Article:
SAN FRANCISCO (Reuters) - Chevron Corp will not have to face accusations from a prominent U.S. law firm that the oil major mounted a “smear campaign” related to long-running environmental battles in Ecuador, a U.S. judge has ruled.
Patton Boggs, a Washington D.C.-based firm representing Ecuadorean plaintiffs suing Chevron, had filed a separate lawsuit saying the company had tried to improperly interfere with its ability to represent the clients.
A judge in Ecuador’s Amazon in February ruled against Chevron, demanding that the company pay $8.6 billion for contamination from petroleum drilling in the 1970s and 1980s by Texaco, which was later purchased by the giant U.S. oil company.
Chevron appealed that ruling. The company has also launched a series of separate legal proceedings in a bid to make any judgment unenforceable outside of Ecuador.
Patton Boggs had asked a U.S. judge to rule that its representation of the Ecuadoreans was proper. Tactics used by Chevron — like threatening to disqualify Patton Boggs in various proceedings — were tortious interference, the firm argued.
But U.S. District Judge Henry Kennedy Jr. granted Chevron’s bid to dismiss the lawsuit on Tuesday.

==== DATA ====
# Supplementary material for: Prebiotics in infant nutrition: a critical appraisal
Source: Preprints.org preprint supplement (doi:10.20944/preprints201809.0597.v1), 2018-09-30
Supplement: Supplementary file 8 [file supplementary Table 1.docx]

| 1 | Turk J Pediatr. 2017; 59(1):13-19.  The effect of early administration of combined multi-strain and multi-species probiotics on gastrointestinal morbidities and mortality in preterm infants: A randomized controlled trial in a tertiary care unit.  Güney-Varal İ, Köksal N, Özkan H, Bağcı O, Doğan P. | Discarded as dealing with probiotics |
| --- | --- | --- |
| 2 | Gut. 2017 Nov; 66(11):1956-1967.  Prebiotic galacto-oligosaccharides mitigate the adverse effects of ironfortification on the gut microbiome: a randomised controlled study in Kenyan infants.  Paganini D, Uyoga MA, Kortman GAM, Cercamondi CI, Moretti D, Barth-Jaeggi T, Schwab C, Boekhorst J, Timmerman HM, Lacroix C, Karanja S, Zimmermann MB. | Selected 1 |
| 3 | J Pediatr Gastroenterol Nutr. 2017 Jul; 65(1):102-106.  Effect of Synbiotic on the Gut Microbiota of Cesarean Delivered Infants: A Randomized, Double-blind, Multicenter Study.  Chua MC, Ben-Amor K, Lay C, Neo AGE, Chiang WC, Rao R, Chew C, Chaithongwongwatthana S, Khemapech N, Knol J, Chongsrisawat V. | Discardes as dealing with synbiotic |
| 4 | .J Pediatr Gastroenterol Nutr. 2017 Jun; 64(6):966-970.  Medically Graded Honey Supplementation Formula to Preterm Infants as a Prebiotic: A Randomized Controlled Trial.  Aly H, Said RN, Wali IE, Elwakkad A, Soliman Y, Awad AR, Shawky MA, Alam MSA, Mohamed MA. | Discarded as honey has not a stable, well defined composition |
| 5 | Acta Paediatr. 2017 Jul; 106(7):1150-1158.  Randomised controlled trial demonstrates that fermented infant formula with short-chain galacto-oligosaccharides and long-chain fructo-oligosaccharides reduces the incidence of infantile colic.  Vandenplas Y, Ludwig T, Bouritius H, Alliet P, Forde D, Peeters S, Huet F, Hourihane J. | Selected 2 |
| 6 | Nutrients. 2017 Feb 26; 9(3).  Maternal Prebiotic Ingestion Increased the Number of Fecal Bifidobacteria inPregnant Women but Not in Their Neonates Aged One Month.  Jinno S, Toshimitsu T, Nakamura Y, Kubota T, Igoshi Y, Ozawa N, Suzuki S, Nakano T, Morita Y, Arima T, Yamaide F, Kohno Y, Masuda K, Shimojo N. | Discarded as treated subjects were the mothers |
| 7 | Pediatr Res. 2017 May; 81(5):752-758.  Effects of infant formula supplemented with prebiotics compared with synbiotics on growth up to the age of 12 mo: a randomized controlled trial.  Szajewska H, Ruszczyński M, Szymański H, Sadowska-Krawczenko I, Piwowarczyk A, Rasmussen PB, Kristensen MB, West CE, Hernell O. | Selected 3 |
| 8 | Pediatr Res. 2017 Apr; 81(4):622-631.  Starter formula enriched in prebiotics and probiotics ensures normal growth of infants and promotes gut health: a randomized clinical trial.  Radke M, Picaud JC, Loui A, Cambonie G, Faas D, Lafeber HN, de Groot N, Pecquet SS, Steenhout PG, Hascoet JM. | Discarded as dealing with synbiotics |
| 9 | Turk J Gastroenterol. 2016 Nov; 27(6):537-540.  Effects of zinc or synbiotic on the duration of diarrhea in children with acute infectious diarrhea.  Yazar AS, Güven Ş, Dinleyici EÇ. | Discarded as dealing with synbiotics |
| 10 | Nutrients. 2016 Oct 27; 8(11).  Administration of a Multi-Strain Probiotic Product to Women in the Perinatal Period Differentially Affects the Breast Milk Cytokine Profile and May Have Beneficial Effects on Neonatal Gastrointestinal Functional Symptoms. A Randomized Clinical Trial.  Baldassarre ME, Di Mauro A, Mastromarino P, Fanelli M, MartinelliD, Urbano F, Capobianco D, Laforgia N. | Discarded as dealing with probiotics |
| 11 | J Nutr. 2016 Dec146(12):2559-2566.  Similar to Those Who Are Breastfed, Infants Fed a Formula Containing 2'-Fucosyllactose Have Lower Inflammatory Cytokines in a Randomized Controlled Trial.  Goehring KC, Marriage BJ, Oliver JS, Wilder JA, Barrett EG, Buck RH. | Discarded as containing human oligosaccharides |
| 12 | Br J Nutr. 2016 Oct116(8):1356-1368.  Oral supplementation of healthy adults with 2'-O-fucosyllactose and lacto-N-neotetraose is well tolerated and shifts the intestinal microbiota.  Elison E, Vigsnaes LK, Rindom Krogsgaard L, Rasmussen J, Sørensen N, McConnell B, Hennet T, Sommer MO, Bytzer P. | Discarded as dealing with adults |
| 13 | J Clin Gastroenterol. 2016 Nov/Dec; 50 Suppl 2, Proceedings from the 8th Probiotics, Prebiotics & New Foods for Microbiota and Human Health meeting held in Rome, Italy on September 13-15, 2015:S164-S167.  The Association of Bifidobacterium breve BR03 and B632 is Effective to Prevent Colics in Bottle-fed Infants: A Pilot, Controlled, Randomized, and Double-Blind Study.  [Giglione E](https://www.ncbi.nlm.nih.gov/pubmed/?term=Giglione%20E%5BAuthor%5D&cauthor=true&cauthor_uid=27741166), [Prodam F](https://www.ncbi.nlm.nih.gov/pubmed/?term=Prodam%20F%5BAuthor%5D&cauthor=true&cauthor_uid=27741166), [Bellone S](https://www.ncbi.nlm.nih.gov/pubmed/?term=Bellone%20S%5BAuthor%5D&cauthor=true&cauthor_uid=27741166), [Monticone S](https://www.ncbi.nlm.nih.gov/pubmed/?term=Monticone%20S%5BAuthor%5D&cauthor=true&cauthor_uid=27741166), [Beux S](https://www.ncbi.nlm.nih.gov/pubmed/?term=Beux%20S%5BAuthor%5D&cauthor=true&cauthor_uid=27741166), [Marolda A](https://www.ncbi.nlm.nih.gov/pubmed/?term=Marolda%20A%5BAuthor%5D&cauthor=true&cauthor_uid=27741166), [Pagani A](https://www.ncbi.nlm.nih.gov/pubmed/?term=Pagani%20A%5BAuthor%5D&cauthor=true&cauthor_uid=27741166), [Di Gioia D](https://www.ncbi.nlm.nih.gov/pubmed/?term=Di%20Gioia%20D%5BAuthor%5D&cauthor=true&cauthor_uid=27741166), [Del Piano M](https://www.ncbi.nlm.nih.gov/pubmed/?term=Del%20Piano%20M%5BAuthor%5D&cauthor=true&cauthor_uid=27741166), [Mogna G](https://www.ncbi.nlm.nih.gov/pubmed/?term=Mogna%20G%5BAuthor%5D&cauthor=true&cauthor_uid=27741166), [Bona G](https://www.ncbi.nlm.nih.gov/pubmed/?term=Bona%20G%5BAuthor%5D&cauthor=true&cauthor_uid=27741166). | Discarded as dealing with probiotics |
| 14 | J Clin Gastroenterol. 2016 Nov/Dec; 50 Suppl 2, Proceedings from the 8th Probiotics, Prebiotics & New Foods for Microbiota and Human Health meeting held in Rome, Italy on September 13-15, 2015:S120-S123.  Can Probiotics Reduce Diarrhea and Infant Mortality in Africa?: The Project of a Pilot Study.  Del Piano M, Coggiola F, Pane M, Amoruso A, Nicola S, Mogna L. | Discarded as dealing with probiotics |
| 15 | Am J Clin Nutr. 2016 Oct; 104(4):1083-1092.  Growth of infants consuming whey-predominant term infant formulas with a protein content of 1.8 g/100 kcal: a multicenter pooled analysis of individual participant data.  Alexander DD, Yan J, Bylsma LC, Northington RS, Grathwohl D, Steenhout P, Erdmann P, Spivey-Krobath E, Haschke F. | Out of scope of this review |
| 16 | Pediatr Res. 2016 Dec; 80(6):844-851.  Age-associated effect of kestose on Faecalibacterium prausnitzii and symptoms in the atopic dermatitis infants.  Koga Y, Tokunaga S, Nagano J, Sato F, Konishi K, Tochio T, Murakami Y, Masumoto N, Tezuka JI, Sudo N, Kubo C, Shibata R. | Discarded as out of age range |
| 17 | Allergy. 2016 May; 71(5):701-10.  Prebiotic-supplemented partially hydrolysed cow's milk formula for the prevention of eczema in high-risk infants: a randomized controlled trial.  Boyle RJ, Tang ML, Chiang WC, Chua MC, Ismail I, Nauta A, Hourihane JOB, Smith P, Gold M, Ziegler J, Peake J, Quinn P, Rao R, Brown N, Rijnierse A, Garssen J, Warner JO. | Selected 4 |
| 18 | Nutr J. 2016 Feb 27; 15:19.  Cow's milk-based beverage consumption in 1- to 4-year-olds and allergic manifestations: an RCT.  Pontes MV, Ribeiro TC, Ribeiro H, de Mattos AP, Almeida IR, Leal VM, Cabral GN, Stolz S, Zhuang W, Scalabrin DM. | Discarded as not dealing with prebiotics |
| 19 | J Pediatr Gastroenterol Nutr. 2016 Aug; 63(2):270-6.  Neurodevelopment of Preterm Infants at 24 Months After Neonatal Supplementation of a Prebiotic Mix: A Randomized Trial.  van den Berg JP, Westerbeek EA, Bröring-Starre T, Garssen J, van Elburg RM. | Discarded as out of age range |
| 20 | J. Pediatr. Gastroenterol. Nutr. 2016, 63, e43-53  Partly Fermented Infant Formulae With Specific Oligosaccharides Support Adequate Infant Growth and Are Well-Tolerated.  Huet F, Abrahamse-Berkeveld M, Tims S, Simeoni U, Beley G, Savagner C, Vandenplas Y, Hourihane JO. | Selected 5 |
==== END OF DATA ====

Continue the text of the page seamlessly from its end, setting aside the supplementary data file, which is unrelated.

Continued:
“For this court to inform all other federal courts that Patton Boggs is qualified to represent the ... plaintiffs before those courts would be incredibly intrusive,” wrote Kennedy, who is based in Washington.
A representative for the plaintiffs declined to comment. The lead Patton Boggs attorney on the case did not immediately respond to a message.
Theodore Boutrous, a lawyer for Chevron, said the lawsuit was “fundamentally flawed.” Patton Boggs had sought to add Boutrous’ law firm, Gibson Dunn & Crutcher, as a defendant, but Kennedy rejected that request.
“We are pleased that the district court so swiftly dismissed this frivolous and misguided lawsuit,” Boutrous said.
The case in U.S. District Court, District of Columbia is Patton Boggs LLP v. Chevron Corporation, 10-1975.
Reporting by Dan Levine, editing by Matthew Lewis